# Directional Simulation¶

Using the probability distribution of a random vector , we seek to evaluate the following probability: Here, is a random vector, a deterministic vector, the function known as “limit state function” which enables the definition of the event .

The directional simulation method is an accelerated sampling method. It implies a preliminary iso-probabilistic transformation, as for FORM and SORM methods; however, it remains based on sampling and is thus not an approximation method. In the transformed space, the (transformed) uncertain variables are independent standard Gaussian variables (mean equal to zero and standard deviation equal to 1).

Roughly speaking, each simulation of the directional simulation algorithm is made of three steps. For the iteration, these steps are the following:

• Let . A point is drawn randomly on according to an uniform distribution.

• In the direction starting from the origin and passing through , solutions of the equation (i.e. limits of ) are searched. The set of values of that belong to is deduced for these solutions: it is a subset .

• Then, one calculates the probability . By property of independent standard variable, is a random variable distributed according to a chi-square distribution, which makes the computation effortless.

Finally, the estimate of the probability after simulations is the following: The following figure illustrates the principle of an iteration in dimension 2.

The Central Limit Theorem enables the difference between the estimated value and the sought value to be controlled by means of a confidence interval (if N is sufficiently large, typically > a few dozens even if there is now way to say for sure if the asymptotic behavior is reached). For a probability strictly between 0 and 1 chosen by the user, one can, for example, be sure with a confidence , that the true value of is between and calculated analytically from simple formulae. To illustrate, for :  where denotes the empirical standard deviation of the sample .

In practice the Directional Sampling simulation requires the choice of:

• a Root Strategy :

• RiskyAndFast: for each direction, we check whether there is a sign change of the standard limit state function between the maximum distant point (at distance MaximumDistance from the center of the standard space) and the center of the standard space.
In case of sign change, we research one root in the segment [origin, maximum distant point] with the selected non linear solver.
As soon as founded, the segment [root, infinity point] is considered within the failure space.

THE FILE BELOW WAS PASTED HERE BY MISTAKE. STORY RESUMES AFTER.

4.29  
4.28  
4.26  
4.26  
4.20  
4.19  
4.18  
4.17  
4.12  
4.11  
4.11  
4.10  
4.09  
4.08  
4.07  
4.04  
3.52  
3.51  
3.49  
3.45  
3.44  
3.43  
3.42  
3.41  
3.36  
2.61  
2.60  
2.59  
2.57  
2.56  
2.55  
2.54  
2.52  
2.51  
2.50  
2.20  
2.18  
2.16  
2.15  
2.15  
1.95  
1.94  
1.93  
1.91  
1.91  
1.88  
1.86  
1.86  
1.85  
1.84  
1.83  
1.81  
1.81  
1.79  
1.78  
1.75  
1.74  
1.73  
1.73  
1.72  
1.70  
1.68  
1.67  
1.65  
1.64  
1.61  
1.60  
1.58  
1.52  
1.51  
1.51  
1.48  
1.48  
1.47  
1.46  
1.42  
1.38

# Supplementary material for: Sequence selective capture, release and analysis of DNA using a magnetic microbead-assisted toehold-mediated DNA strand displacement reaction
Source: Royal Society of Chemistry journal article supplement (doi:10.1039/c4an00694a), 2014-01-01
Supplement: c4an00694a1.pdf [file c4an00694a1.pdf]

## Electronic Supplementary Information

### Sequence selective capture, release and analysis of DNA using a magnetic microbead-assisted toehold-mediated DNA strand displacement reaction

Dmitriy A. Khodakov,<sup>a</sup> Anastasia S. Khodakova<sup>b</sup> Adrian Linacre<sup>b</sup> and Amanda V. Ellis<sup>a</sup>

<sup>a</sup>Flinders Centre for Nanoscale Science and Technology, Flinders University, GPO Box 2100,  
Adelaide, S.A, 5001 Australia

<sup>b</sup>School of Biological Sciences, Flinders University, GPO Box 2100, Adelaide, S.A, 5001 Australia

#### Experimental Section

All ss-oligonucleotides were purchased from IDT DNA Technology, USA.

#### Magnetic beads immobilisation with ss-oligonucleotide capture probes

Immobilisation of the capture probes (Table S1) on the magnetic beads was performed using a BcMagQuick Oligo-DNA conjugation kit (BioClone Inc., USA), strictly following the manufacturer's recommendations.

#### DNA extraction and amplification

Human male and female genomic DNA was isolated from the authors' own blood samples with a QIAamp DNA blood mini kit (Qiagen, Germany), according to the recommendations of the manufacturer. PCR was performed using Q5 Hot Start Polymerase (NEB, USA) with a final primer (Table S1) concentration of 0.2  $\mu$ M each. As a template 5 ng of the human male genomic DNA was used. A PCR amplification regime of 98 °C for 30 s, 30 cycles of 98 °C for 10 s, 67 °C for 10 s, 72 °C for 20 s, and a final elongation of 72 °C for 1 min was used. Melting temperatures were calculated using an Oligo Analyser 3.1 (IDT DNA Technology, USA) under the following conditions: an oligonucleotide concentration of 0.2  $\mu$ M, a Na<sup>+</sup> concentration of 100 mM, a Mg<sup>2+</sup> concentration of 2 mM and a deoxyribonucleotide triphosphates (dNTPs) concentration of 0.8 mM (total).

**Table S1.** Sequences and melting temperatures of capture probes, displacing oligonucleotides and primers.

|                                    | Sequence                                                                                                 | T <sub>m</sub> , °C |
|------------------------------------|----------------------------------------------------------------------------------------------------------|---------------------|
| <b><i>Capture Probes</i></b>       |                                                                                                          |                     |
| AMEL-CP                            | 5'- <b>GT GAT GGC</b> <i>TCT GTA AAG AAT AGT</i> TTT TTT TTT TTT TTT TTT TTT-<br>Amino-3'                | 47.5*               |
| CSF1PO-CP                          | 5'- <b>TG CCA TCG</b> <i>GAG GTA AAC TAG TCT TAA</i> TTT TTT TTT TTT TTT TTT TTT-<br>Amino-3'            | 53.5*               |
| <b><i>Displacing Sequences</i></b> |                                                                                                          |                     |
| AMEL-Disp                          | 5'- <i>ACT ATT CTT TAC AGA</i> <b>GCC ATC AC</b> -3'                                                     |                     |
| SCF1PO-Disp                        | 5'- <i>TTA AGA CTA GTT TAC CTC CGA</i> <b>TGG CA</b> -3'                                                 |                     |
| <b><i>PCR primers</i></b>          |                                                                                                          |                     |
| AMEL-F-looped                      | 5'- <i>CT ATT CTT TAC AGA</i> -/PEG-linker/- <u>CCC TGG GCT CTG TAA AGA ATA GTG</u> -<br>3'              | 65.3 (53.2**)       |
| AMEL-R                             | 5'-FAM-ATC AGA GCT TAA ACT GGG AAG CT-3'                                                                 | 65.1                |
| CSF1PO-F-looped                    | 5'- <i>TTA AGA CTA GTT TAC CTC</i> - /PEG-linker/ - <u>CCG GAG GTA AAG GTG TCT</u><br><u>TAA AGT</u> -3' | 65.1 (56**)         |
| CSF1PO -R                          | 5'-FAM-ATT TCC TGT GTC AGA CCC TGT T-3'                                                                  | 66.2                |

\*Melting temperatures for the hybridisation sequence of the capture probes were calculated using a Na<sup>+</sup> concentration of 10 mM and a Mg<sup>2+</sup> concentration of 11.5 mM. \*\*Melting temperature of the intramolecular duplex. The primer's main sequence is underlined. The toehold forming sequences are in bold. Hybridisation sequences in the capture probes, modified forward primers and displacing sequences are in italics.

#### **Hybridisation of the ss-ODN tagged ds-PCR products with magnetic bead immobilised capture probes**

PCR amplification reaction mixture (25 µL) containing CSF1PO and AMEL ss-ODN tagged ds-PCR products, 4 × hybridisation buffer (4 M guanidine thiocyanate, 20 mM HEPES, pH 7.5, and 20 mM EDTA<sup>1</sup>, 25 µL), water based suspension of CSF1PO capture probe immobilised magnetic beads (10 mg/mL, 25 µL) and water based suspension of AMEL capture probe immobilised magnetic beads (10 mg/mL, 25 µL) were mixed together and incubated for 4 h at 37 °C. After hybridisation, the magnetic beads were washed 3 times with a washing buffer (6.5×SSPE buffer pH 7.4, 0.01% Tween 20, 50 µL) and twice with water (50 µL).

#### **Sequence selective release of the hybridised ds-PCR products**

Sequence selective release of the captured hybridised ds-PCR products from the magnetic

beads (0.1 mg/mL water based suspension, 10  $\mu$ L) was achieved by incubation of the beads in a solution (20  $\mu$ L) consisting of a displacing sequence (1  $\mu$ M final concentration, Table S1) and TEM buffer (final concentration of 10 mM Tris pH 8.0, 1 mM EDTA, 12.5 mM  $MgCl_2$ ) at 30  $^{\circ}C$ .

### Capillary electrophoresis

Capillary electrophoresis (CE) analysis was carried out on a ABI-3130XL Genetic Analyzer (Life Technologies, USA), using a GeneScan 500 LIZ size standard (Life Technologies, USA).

• MediumSafe: for each direction, we go along the direction by step of length stepSize from the origin to the maximum distant point (at distance MaximumDistance from the center of the standard space) and we check whether there is a sign change on each segment so formed.
At the first sign change, we research one root in the concerned segment with the selected non linear solver. Then, the segment [root, maximum distant point] is considered within the failure space.
If stepSize is small enough, this strategy guarantees us to find the root which is the nearest from the origin.
• SafeAndSlow : for each direction, we go along the direction by step of length stepSize from the origin to the maximum distant point(at distance MaximumDistance from the center of the standard space) and we check whether there is a sign change on each segment so formed.
We go until the maximum distant point. Then, for all the segments where we detected the presence of a root, we research the root with the selected non linear solver. We evaluate the contribution to the failure probability of each segment.
If stepSize is small enough, this strategy guarantees us to find all the roots in the direction and the contribution of this direction to the failure probability is precisely evaluated.
• a Non Linear Solver:

• Bisection: bisection algorithm,

• Secant: based on the evaluation of a segment between the two last iterated points,

• Brent: mix of Bisection, Secant and inverse quadratic interpolation.

• and a Sampling Strategy:

• RandomDirection: we generate some points on the sphere unity according to the uniform distribution and we consider both opposite directions so formed.

• OrthogonalDirection: this strategy is parameterized by , where is the dimension of the input random vector . We generate one direct ortho-normalized basis uniformly distributed in the set of direct orthonormal bases. We consider all the normalized linear combinations of vectors chosen within the vectors of the basis, where the coefficients of the linear combinations are in . This generates new vectors . We sample according to all the directions defined by the vectors .
If , we consider all the axes of the standard space.

API:

Examples:

References:

• Robert C.P., Casella G. (2004). Monte-Carlo Statistical Methods, Springer, ISBN 0-387-21239-6, 2nd ed.

• Rubinstein R.Y. (1981). Simulation and The Monte-Carlo methods, John Wiley & Sons

• Bjerager, P. (1988). “Probability integration by Directional Simulation”. Journal of Engineering Mechanics, vol. 114, no. 8